WATKINS GLEN -- MUCH ADO Thursday and Friday's Watkins Glen action was a pretty wild show for a sportscar race event where the participants are supposed to be upper-crust types possessing a "sporting" demeanor. In the end, 17-year-old...
WATKINS GLEN -- MUCH ADO
Thursday and Friday's Watkins Glen action was a pretty wild show for a sportscar race event where the participants are supposed to be upper-crust types possessing a "sporting" demeanor.
In the end, 17-year-old driver Colin Braun still is sitting on the sidelines and another racer, Boris Said, will be co-driving the No. 76 Krohn Racing Ford-Riley in his stead.
The team is working on naming a replacement driver for the August 26 Infineon Raceway Rolex Series/IndyCar Series races, the last of 2006's three such dual events.
Mr. Braun turns 18 just about three weeks later. Celebrate? I'd bet the farm he does.
However, one can only wonder if the hassles here and at Homestead-Miami Speedway earlier in the year may preclude the organizations from coming together again in the future.
For the most part, Tracy Krohn's motives were honorable but, also for the most part, those in the Grand American paddock weren't terribly thrilled with his efforts.
Some in that paddock even hinted that others -- never themselves, of course -- might be wanting to exact some measure of revenge on Krohn's No. 75 Ford-Riley, which he co-drives with Nic Jonsson, during Saturday's Six-Hours of The Glen.
"There are ways to do those things without it being too obvious," one team owner said.
The fact is Krohn erred. Even he admitted as much in the joint Grand American/Krohn Racing statement that put the adverse situation to bed Friday.
"It was never our intention to disrupt the competition, but instead to provide a mechanism for Colin Braun to be racing ..." Krohn was quoted as saying.
Though an owner's methodology might need a little tuning at various times and for various reasons, that an owner would stick up for his driver surely isn't exactly a bad thing.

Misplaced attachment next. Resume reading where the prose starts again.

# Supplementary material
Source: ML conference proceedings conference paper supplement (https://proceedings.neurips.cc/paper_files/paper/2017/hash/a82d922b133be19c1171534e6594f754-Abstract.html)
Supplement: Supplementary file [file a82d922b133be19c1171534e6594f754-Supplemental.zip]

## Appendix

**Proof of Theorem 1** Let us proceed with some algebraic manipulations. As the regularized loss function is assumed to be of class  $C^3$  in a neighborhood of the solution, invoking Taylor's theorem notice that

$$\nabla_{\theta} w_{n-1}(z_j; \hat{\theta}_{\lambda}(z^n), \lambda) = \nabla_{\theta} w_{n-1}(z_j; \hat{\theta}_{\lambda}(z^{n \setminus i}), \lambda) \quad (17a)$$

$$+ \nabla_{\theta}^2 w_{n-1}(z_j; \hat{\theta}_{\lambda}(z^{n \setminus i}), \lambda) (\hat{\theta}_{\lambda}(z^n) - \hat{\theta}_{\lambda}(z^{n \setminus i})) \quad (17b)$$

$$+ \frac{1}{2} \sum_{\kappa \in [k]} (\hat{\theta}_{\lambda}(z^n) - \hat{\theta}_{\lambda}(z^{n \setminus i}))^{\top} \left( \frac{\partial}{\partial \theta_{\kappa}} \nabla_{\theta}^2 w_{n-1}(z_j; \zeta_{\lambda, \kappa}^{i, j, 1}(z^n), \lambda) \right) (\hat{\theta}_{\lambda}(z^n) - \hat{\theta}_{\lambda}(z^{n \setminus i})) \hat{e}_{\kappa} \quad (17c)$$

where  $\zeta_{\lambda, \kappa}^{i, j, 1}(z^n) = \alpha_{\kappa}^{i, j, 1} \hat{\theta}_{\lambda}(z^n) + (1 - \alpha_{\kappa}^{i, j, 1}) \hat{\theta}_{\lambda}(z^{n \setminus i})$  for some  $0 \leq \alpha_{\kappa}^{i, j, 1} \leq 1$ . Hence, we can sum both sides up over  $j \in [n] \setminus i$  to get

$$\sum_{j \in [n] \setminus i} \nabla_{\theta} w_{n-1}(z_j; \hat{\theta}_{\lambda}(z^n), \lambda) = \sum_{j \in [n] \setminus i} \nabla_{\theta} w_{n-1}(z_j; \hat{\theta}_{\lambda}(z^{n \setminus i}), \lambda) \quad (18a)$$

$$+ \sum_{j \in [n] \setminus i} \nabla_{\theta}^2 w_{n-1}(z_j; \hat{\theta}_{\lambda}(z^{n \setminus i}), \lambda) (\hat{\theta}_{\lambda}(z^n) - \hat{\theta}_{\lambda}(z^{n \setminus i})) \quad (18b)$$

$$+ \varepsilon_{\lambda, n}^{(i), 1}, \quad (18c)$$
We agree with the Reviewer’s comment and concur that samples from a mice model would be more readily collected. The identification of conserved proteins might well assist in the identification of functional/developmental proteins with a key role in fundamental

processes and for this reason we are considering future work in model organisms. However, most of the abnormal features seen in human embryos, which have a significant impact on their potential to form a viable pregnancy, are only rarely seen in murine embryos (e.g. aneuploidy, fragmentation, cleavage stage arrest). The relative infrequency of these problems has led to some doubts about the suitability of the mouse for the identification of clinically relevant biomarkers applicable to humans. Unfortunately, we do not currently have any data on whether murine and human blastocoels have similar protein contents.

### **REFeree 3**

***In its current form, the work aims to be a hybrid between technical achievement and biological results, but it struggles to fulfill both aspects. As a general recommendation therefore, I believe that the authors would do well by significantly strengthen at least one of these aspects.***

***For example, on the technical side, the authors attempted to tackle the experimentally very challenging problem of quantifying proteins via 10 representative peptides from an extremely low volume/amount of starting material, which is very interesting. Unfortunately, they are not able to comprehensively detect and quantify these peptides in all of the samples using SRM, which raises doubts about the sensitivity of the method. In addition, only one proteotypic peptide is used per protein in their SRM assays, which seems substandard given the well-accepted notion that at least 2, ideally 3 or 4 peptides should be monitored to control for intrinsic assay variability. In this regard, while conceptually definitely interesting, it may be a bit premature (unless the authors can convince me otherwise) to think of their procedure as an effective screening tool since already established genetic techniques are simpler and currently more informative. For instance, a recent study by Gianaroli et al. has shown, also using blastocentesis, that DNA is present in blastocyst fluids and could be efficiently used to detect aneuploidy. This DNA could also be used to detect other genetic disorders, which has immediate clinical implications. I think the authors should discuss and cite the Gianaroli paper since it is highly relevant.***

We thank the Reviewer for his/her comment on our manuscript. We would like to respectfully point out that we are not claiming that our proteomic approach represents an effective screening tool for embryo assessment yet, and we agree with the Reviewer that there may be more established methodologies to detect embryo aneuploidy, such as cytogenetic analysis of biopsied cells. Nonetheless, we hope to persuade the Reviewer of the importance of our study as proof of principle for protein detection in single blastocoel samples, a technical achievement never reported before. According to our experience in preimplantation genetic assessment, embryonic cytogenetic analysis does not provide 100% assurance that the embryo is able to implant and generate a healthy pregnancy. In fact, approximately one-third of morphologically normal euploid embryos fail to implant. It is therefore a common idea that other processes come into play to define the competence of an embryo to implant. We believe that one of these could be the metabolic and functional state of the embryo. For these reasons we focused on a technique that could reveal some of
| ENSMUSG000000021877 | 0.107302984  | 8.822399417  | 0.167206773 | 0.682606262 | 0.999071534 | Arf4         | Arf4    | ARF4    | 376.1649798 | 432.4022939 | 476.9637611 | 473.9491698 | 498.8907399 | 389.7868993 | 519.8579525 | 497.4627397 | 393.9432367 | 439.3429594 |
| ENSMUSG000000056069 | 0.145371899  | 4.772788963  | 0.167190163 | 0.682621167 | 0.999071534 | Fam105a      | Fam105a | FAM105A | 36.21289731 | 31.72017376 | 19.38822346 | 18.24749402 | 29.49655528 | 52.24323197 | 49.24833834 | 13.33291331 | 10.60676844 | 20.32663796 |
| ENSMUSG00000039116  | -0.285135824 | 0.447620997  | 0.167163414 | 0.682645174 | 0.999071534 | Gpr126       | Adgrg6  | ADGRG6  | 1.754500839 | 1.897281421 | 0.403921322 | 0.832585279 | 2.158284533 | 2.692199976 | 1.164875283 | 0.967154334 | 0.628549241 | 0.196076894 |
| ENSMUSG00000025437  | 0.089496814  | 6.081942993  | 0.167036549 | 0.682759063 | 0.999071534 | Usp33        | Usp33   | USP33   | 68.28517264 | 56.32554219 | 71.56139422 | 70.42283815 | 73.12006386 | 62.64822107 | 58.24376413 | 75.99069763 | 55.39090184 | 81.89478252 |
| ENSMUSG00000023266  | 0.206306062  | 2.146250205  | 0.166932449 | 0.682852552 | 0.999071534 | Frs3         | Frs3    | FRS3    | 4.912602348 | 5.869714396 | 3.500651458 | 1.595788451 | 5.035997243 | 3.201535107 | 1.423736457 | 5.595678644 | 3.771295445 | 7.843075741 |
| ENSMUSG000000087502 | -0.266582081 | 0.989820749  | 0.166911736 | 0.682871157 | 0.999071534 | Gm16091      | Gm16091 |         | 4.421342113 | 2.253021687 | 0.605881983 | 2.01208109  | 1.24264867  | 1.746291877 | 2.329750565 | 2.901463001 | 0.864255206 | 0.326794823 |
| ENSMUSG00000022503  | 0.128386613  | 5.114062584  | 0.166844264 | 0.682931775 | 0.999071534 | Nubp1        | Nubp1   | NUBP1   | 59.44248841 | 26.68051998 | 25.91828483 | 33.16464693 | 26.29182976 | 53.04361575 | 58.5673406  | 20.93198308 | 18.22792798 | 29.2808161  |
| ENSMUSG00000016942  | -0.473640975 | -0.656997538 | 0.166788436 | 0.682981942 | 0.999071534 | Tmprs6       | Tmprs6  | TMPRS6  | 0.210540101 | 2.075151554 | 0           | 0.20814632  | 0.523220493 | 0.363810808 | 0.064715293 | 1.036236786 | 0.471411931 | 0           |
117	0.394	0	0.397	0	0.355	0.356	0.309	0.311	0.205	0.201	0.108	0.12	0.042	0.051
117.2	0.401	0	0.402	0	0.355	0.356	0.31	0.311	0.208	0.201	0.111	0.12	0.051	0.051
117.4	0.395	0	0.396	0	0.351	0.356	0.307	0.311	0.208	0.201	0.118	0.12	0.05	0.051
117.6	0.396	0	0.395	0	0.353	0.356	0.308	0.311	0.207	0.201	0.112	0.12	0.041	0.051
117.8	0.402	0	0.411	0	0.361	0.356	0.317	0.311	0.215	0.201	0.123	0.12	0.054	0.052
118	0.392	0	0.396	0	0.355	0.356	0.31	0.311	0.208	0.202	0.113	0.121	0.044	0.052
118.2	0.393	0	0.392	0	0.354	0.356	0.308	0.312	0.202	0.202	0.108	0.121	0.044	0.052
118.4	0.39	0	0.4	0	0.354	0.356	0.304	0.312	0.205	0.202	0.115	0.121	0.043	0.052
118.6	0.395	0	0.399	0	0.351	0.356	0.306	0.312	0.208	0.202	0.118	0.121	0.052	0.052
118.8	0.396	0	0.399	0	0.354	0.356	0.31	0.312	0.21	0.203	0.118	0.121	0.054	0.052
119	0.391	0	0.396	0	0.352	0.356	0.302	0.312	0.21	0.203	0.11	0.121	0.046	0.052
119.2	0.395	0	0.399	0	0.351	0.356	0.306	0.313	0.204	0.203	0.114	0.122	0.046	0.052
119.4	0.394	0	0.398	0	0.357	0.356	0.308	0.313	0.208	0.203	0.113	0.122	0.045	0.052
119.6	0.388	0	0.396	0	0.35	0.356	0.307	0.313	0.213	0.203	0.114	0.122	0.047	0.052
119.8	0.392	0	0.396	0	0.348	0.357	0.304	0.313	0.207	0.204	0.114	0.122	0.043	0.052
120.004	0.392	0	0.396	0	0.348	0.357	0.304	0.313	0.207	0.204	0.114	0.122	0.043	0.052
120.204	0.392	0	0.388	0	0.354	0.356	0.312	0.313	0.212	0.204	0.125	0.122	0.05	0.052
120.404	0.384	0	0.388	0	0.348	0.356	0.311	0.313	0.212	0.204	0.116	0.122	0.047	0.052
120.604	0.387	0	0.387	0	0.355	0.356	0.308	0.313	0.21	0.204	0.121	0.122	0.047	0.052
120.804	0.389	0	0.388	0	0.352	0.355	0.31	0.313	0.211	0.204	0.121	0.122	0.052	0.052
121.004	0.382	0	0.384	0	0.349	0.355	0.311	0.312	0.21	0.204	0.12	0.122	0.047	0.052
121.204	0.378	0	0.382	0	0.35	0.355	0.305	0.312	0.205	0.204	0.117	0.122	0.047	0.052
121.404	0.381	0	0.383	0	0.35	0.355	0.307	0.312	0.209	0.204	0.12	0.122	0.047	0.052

CRAZY LIKE A FOX?
As a result of Thursday's legal matters, the pre-race schedule having thus been thrown out the window, Rolex Series officials decided to allot all of Friday's track time to practice, allowing teams the option of spending more practice time in an effort to acclimate its third driver -- who usually does not have a regular DP ride through the bulk of the season.
Though fielding objections from some disgruntled teams -- one particularly vociferous team owner being No. 12 Lowe's Racing's Adrian Fernandez -- the Rolex Series will nonetheless be gridded by points for the start of Saturday's classic endurance race.
It would be later Friday "daylight" practices that revealed Fernandez' hand -- one justifiably played -- when his No. 12 Lowe's Pontiac-Riley consistently ran among the top-five fastest cars on the 3.28-mile Watkins Glen "Long Course."
Instead of a prospective pole position, the Lowe's car will be gridded ninth.
Oh, and key among Fernandez' complaints?
The No. 76 Krohn Racing Ford-Riley -- having an updated driving team of Jorg Bergmeister and Boris Said -- will be starting on the outside pole for Saturday's race.
"The people who started this whole mess, causing us to miss an actual qualification period, are among those who have benefited the most from the loss of that session," Fernandez said.
Frankly, I still don't think Tracy Krohn is crazy.
-DC Williams, exclusively for Motorsports.com